May 13, 2020
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The power that Governor Greg Abbott has wielded during the coronavirus crisis could be in serious jeopardy based on findings by federal judges in separate cases challenging the executive orders that he's issued in the past two months.
The jurists from the U.S. Southern District Court in Houston both indicated that the Republican governor's intervention in the criminal case of Dallas beauty shop owner Shelley Luther last week had exacerbated questions on the constitutionality of the restrictions that he's imposed by fueling an atmosphere of uncertainty around the state.
U.S. District Judge Vanessa Gilmore found that Lieutenant Governor Dan Patrick had contributed to the confusion when he offered to pay a fine that a state district judge had assessed when he sentenced her to seven days in jail for refusing to comply with an emergency decree that Abbott had issued.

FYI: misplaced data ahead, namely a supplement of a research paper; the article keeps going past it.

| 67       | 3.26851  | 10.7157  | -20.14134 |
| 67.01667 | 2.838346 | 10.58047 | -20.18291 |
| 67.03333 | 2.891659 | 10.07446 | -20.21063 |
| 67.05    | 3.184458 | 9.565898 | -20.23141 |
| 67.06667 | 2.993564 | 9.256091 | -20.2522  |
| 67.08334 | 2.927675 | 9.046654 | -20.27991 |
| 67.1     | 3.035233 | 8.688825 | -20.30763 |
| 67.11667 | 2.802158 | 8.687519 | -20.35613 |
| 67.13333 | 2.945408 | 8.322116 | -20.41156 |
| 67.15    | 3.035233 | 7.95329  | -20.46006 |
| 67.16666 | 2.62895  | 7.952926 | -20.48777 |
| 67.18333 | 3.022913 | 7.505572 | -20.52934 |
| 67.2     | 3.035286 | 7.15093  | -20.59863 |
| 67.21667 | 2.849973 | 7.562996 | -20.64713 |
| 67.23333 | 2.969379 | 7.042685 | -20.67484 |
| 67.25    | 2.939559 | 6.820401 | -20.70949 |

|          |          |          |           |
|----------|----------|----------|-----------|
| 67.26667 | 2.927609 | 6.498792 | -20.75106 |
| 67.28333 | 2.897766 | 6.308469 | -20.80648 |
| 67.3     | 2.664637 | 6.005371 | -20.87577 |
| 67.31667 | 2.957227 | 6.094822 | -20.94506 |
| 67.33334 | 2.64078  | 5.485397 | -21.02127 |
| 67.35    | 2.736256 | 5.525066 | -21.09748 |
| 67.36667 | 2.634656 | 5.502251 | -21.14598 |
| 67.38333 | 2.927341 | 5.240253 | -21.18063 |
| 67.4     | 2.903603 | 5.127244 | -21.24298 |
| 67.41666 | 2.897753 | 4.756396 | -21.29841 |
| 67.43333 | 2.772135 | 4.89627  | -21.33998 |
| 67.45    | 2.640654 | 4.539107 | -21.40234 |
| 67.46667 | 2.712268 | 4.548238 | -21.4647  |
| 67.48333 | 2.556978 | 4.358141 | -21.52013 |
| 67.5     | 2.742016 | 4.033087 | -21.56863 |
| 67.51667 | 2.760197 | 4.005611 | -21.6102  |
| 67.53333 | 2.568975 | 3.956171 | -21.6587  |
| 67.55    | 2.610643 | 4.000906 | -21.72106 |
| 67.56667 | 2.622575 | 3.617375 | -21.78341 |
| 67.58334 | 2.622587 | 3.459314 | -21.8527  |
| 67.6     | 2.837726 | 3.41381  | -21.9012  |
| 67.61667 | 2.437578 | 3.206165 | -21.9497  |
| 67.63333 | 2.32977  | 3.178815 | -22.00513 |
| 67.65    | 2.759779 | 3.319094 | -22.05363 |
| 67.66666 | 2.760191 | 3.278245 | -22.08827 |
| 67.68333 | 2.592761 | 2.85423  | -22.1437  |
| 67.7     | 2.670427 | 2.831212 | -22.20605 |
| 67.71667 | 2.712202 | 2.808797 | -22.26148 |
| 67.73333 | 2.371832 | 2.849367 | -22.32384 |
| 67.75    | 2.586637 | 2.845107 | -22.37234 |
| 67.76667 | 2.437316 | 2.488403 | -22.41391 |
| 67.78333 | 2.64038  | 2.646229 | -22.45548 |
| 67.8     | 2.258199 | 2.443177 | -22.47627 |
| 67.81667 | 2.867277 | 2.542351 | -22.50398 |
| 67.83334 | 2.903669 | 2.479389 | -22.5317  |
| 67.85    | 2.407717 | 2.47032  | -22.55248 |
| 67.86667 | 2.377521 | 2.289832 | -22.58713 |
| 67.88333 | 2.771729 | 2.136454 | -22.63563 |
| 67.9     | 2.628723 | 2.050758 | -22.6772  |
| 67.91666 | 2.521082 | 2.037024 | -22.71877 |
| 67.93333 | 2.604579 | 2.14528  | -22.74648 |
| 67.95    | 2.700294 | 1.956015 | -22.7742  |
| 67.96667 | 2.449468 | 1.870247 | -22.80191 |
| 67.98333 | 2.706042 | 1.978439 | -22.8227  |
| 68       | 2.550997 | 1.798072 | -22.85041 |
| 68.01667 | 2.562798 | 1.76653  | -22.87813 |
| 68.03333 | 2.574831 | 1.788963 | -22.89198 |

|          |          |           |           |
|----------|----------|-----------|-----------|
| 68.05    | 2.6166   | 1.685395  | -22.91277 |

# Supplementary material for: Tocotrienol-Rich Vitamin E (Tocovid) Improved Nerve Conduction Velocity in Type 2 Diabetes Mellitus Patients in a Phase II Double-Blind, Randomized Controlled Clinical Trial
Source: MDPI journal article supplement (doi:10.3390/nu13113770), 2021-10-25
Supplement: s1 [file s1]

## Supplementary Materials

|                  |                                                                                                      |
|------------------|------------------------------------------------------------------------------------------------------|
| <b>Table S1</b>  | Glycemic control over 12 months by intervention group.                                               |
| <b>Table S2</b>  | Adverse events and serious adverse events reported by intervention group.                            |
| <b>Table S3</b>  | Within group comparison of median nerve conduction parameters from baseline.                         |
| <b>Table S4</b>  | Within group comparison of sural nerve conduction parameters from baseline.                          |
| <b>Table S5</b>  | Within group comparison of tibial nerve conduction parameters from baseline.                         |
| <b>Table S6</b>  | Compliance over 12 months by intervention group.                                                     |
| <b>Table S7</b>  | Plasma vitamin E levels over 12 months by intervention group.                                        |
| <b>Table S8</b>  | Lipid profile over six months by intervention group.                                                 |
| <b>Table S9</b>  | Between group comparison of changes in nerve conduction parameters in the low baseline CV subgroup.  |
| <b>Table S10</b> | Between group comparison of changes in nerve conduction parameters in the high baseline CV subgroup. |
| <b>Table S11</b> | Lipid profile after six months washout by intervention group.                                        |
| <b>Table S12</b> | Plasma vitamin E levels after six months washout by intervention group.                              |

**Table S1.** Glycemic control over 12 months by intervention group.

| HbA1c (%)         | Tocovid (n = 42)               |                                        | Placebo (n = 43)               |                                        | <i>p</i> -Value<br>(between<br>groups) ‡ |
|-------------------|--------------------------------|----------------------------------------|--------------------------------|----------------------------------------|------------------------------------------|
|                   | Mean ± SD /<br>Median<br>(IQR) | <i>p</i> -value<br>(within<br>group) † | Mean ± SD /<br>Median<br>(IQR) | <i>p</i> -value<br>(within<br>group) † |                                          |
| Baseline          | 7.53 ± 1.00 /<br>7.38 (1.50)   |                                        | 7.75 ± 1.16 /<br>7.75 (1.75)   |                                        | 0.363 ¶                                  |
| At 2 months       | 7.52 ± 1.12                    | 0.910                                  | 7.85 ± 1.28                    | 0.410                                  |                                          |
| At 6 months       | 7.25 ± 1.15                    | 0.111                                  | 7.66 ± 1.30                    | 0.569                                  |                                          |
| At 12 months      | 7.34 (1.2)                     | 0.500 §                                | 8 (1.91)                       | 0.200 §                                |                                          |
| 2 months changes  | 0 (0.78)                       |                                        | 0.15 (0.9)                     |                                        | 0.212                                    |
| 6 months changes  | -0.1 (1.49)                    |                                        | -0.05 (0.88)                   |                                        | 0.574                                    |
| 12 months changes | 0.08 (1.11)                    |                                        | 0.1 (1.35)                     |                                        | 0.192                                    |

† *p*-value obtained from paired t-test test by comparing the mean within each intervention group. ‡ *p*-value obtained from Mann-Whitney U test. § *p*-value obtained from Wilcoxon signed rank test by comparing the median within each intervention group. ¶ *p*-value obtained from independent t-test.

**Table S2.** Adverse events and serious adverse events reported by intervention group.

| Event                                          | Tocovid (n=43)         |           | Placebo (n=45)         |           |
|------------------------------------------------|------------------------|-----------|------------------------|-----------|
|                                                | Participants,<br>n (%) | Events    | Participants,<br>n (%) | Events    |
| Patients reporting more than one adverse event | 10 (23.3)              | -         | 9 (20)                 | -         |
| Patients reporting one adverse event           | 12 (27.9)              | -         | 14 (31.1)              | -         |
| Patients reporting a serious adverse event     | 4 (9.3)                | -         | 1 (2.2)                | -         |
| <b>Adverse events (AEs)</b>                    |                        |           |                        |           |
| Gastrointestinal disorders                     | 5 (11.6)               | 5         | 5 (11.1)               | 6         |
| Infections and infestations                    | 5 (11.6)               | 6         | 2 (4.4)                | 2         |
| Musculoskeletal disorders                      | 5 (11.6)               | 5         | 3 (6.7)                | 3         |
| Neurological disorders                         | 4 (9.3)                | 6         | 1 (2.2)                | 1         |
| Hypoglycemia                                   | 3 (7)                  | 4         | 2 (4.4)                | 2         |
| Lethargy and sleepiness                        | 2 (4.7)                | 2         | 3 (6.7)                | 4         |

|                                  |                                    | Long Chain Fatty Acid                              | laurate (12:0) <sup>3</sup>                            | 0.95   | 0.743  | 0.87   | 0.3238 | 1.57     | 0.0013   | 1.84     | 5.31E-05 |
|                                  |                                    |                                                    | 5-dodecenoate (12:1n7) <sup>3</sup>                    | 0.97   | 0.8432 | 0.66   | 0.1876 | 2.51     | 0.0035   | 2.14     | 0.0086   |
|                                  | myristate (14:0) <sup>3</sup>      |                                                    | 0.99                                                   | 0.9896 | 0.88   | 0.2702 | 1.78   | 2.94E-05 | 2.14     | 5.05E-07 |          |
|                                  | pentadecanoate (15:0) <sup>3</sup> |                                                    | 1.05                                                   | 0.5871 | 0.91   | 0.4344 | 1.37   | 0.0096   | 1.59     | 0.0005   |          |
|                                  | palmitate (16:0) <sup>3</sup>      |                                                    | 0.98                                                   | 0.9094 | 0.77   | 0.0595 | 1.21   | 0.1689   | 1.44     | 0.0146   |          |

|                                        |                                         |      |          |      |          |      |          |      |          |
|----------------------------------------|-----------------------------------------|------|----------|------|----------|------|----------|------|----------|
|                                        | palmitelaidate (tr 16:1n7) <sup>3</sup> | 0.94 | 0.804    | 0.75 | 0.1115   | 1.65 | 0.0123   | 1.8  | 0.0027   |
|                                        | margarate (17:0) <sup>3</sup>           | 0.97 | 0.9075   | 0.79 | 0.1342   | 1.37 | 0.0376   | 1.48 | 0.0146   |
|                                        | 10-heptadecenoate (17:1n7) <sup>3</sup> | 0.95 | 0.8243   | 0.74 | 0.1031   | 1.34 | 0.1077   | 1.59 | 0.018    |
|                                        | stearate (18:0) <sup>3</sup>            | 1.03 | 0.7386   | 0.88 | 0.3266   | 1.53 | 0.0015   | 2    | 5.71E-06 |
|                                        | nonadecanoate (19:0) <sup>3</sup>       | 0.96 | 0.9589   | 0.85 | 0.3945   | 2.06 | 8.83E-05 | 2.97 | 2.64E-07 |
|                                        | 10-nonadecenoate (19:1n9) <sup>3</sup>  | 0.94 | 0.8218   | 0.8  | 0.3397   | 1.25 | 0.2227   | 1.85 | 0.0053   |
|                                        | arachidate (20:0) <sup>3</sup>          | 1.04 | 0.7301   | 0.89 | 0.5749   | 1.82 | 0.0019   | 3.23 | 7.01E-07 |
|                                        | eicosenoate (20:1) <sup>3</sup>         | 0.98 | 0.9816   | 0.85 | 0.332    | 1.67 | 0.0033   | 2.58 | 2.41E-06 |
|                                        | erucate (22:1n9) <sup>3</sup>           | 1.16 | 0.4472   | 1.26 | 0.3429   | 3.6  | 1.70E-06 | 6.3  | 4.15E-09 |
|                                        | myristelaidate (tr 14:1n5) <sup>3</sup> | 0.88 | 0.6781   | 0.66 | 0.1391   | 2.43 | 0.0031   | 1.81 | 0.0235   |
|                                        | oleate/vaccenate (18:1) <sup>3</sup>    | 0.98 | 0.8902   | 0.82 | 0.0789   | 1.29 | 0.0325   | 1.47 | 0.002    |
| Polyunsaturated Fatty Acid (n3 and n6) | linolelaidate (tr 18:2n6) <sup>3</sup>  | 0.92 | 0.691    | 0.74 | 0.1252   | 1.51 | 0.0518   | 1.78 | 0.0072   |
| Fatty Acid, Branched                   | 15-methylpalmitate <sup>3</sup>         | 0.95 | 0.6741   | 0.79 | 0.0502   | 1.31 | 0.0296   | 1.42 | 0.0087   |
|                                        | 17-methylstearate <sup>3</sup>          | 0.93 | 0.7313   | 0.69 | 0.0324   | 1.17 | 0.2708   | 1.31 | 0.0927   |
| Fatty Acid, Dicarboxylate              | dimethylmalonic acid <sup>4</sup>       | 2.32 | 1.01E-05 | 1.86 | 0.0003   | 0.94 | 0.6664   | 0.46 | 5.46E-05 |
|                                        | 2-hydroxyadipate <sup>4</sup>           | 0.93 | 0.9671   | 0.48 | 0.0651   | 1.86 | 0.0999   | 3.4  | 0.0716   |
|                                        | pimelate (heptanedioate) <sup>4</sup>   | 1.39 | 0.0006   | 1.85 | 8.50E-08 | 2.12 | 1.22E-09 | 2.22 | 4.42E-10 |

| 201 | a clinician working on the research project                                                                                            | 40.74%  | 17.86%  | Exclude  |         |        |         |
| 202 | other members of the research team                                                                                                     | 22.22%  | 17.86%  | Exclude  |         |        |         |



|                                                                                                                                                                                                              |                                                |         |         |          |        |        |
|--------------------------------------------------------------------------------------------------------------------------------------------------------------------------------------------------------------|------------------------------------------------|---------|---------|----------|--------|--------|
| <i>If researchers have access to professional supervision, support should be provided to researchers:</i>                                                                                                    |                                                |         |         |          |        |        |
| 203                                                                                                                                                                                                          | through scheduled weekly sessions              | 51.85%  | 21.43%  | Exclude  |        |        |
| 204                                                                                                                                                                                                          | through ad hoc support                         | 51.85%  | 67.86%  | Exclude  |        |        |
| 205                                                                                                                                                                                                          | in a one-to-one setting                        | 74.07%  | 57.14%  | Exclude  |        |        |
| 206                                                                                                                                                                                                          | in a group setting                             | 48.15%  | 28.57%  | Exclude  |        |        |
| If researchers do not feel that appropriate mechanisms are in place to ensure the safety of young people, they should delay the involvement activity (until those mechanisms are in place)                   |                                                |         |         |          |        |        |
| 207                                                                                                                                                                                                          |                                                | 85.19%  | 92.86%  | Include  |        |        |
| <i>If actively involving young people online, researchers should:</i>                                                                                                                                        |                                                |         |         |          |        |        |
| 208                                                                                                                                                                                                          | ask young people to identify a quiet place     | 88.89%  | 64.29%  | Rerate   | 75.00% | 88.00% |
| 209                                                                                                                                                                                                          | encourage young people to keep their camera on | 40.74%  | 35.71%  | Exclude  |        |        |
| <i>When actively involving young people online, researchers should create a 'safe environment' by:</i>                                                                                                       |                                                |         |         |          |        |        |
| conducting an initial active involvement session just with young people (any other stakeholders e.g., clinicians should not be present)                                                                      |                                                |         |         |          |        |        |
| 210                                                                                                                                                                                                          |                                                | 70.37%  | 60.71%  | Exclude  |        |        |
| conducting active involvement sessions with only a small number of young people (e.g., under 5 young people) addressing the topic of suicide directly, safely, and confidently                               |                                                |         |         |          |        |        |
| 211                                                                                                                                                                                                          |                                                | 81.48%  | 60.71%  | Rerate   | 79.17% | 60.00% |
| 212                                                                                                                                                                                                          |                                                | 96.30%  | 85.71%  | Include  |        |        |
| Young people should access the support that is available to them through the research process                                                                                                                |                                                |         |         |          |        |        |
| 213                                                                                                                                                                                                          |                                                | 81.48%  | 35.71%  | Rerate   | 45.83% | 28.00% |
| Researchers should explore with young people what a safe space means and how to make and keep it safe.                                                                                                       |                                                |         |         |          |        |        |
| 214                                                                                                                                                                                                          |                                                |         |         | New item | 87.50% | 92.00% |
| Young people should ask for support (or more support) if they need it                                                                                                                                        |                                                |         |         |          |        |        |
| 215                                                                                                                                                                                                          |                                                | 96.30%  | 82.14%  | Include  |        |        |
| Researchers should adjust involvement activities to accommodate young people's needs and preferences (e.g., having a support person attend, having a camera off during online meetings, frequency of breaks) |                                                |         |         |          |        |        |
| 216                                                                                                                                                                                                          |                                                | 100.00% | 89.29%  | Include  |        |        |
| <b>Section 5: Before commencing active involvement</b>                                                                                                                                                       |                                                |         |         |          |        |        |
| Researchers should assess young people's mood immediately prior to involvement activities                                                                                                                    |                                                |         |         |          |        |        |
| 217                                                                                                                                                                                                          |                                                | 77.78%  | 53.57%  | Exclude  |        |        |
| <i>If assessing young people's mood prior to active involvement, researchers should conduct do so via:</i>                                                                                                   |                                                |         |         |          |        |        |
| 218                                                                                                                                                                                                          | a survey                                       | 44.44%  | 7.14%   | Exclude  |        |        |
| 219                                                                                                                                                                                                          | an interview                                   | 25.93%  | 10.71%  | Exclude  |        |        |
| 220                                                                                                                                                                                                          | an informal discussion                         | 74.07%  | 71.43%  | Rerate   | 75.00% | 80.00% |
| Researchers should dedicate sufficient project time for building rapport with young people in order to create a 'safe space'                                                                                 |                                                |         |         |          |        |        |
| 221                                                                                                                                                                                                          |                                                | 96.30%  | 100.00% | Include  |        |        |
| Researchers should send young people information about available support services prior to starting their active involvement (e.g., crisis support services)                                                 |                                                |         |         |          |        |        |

U.S. District Judge Lynn Hughes determined that Abbott had effectively admitted that the edict at the heart of the Luther case had been constitutionally flawed when he revised it abruptly to eliminate the threat of punishment for offenders when the Texas Supreme Court had been poised to order her release as a result of the order's ambiguity.
The critical reviews will give substantial ammunition to conservative activists who'd already taken Abbott to court on the grounds that he'd overstepped his constitutional authority with emergency directives that temporarily shut down businesses that he deemed as nonessential while ordering individuals to stay at home unless they had good reasons to be out in public.